Dec 6, 2010

College-Level Foreign Language Study Slowly Changes Focus

Once upon a time, French was the language of diplomacy. It was the language of philosophers and intellectuals, and high-achieving high school students were not-so-gently steered in the direction of signing up for French classes if they wanted to go to the ‘best’ colleges.

But times are changing, and French is slowly dropping off the college map along with German, Latin, and Russian. According to the New York Times, universities across the country are looking closely at foreign language majors and eliminating a few options.

This fall, the State University of New York at Albany announced that it would stop letting new students major in French, Italian, Russian, and the classics. Louisiana State University is phasing out majors in German and Latin, as well as basic instruction in Portuguese, Russian, Swahili, and Japanese.

The University of Maine’s president, Robert A. Kennedy, recommended suspending undergraduate degree programs in Latin and German, while at Winona State University in Minnesota, a moratorium has been placed on new majors in French and German. And at the University of Nevada, Reno, students can no longer declare majors in German Studies or minors in Italian.

Locally, George Washington’s Columbian College of Arts and Sciences will no longer require any foreign language to graduate, although students may use language courses to help fulfill broader humanities requirements.

The most recent information available from the National Center for Education Statistics confirms why colleges are being forced to make hard decisions when it comes to funding language majors. There just aren’t too many.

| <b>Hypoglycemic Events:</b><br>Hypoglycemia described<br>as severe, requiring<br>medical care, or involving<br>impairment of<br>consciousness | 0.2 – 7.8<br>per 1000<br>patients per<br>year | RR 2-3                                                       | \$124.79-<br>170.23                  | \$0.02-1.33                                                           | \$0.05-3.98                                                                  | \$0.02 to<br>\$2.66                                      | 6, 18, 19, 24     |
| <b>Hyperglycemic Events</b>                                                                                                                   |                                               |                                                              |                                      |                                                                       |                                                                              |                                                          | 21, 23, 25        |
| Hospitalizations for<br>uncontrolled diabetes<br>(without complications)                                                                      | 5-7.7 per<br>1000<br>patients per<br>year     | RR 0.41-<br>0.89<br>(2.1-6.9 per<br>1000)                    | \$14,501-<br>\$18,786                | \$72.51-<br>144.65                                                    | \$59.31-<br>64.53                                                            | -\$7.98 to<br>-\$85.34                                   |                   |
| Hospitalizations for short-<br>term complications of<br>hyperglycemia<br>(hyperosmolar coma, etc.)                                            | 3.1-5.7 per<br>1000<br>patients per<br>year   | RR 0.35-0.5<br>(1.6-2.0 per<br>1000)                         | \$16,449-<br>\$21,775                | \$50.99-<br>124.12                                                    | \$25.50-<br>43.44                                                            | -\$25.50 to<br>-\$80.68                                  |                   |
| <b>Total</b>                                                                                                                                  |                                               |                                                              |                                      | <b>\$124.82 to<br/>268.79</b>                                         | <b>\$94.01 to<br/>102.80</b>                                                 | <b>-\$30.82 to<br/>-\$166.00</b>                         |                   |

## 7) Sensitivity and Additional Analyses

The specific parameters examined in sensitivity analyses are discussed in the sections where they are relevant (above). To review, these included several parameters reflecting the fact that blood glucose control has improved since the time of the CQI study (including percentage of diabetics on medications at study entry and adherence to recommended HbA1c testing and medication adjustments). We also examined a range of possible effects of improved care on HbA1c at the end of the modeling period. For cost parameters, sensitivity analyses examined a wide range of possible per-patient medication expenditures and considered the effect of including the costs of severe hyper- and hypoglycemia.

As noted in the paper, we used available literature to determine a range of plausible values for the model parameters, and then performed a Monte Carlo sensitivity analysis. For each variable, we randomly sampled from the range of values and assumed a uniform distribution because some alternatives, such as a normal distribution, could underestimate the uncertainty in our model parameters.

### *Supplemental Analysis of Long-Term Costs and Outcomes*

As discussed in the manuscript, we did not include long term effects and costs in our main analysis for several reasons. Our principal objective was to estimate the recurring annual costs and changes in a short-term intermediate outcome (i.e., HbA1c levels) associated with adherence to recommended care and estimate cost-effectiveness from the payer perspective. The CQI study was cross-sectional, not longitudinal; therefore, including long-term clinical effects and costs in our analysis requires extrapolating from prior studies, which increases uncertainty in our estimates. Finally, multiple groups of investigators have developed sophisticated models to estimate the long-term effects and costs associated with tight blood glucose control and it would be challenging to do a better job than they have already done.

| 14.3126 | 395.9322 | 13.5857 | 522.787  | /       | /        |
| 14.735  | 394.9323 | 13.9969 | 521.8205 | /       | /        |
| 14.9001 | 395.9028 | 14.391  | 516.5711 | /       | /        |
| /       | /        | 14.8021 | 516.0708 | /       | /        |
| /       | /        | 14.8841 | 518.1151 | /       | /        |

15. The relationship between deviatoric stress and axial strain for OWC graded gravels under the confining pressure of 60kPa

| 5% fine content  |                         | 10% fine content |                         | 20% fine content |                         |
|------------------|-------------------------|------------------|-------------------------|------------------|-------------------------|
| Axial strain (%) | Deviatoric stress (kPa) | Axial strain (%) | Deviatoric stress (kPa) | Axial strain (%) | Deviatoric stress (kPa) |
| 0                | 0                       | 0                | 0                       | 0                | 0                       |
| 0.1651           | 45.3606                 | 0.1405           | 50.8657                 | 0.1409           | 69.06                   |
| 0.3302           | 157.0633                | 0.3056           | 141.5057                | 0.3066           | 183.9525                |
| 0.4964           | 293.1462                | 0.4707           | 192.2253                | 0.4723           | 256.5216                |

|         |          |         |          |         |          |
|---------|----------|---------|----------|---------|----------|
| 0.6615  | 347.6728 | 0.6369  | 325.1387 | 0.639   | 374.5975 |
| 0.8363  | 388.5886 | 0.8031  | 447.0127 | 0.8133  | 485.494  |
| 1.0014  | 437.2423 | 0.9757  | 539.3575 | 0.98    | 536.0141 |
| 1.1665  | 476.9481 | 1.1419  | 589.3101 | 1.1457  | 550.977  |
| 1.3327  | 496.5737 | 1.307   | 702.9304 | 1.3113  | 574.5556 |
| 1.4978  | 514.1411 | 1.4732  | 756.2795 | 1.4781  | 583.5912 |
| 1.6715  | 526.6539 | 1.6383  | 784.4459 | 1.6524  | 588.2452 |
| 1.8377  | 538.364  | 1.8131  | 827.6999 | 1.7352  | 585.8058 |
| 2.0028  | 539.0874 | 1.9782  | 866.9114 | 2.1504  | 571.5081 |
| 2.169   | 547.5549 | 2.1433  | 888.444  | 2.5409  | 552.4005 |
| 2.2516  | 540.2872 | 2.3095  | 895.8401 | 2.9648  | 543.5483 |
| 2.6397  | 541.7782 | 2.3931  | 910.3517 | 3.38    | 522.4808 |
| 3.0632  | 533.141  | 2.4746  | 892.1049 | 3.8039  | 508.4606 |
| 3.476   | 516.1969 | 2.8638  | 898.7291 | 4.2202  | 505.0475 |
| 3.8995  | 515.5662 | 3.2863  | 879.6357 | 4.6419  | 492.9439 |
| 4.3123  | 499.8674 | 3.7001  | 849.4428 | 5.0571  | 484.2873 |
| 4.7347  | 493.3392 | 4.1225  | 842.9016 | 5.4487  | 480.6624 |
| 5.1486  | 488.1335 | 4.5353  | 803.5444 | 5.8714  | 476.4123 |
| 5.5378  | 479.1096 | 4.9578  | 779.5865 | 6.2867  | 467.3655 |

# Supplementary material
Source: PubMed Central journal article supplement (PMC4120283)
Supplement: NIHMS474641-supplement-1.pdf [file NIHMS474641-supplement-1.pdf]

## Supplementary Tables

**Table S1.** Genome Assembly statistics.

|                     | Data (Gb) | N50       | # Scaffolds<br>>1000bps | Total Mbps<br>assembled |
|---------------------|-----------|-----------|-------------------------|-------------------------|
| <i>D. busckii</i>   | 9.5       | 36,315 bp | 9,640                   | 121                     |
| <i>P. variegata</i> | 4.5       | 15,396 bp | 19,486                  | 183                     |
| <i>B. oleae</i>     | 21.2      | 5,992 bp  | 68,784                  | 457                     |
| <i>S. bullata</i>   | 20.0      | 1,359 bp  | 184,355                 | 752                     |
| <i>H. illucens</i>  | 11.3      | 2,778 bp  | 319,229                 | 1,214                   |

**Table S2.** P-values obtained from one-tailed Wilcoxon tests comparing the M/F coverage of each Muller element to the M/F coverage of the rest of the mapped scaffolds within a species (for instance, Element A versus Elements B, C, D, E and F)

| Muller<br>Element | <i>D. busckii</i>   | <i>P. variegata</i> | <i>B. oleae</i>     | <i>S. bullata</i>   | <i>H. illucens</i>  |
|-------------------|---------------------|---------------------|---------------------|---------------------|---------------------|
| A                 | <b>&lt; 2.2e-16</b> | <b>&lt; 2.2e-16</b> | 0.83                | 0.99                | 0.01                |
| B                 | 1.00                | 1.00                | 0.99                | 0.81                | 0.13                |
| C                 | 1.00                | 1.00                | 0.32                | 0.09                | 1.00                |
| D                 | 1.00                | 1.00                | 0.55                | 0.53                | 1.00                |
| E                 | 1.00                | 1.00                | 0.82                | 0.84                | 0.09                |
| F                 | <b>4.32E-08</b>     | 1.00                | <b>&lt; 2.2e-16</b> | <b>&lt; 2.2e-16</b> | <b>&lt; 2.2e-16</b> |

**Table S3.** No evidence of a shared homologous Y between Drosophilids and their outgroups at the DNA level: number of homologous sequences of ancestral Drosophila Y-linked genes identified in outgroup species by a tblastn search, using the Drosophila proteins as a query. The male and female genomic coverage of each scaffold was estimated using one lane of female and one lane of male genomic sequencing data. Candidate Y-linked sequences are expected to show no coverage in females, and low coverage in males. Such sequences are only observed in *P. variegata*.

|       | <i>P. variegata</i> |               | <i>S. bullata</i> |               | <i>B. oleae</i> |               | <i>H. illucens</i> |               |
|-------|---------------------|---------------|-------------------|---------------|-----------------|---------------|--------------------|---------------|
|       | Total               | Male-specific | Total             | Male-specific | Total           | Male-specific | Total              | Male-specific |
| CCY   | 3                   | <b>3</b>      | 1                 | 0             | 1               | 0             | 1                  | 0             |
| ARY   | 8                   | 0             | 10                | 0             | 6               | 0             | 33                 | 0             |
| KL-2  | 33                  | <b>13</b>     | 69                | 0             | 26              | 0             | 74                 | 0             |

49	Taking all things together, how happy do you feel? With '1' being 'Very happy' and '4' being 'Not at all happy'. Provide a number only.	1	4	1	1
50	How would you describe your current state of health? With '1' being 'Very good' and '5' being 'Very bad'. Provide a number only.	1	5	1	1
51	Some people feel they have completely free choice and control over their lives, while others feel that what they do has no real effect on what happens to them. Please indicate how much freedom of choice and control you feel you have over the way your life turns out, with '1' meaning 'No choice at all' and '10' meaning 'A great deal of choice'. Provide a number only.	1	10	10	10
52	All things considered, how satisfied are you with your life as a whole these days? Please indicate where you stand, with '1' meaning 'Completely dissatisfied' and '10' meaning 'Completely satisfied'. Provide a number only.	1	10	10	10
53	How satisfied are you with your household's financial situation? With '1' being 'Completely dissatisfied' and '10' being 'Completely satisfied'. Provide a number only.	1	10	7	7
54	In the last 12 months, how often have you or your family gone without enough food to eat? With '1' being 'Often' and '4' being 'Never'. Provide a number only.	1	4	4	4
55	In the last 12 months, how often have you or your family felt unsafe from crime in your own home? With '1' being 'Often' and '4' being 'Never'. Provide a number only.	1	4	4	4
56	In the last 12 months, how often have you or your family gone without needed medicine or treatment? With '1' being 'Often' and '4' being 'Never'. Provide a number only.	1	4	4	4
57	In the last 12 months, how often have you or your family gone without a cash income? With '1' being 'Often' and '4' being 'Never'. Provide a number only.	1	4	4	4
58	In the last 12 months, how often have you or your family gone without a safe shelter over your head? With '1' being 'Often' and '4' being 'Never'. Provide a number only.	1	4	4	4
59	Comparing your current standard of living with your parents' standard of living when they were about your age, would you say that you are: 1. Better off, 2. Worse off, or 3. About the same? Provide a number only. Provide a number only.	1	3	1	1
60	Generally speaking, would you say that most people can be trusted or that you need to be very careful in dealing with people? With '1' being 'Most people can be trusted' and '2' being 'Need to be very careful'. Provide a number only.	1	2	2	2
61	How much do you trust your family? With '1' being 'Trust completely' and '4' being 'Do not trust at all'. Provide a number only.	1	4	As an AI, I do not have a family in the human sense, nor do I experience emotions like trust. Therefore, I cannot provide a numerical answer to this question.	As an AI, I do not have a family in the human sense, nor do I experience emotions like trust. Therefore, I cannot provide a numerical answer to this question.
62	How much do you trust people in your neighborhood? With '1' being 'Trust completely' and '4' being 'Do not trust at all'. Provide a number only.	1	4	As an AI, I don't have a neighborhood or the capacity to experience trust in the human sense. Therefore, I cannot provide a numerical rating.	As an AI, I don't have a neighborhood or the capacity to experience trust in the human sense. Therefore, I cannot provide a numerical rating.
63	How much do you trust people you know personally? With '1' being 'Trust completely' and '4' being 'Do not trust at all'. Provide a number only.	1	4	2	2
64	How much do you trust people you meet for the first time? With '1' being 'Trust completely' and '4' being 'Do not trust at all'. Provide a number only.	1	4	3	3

In 2009, GW graduated 26 Spanish majors, 7 French majors, one each in Chinese, German and Japanese, and no majors in Russian or Italian. American graduated 3 French, 3 Spanish, and 2 German majors. UVa graduated 30 French majors, 1 German major, and 73 Spanish majors. And the College of William and Mary had 3 French, 5 German, and 12 Spanish majors.

On the other hand, traditional language powerhouse Georgetown graduated 14 Arabic, 22 French, 9 Chinese, 6 German, 2 Japanese, 4 Russian, 20 Spanish, and 5 Italian majors. And the University of Maryland—College Park had 18 French, 13 Chinese, 11 German, 24 Japanese, 10 Russian, 66 Spanish, and 3 Italian majors.

At other area schools, language majors were negligible or not to be found.

Yet, the Modern Language Association will soon release a report showing that overall enrollments in college language courses are actually at their highest level since 1960.

Why? Because of apparent interest in more “practical” languages like Arabic and Spanish. And as China assumes a greater role in world affairs, more college programs are being offered in Mandarin—generously funded by the Chinese government.

“…if we’re going to remain economically competitive and provide the skill and manpower for government, I think we need more Americans to learn Chinese or Hindi or Farsi or Portuguese or Korean or Arabic,” commented Richard N. Haass, the president of the Council on Foreign Relations in a speech to the American Council on the Teaching of Foreign Languages in which he questioned the prominence of European language instruction.

But secondary school systems have been slow to recognize this change and largely continue to offer advanced programs in languages being phased out at the college level. Ironically, just as the College Board reinstates Advanced Placement Italian, colleges forced to make tough budget decisions are doing away with Italian language options.

The takeaway from this story is that if you’re considering a foreign language major, look very closely at what individual departments on your college list offer and how many students they graduate each year in foreign languages or culture. Not only will this tell you something about college “fit,” but it may also suggest the likelihood that the major will be around for the long haul.

No comments:

Post a Comment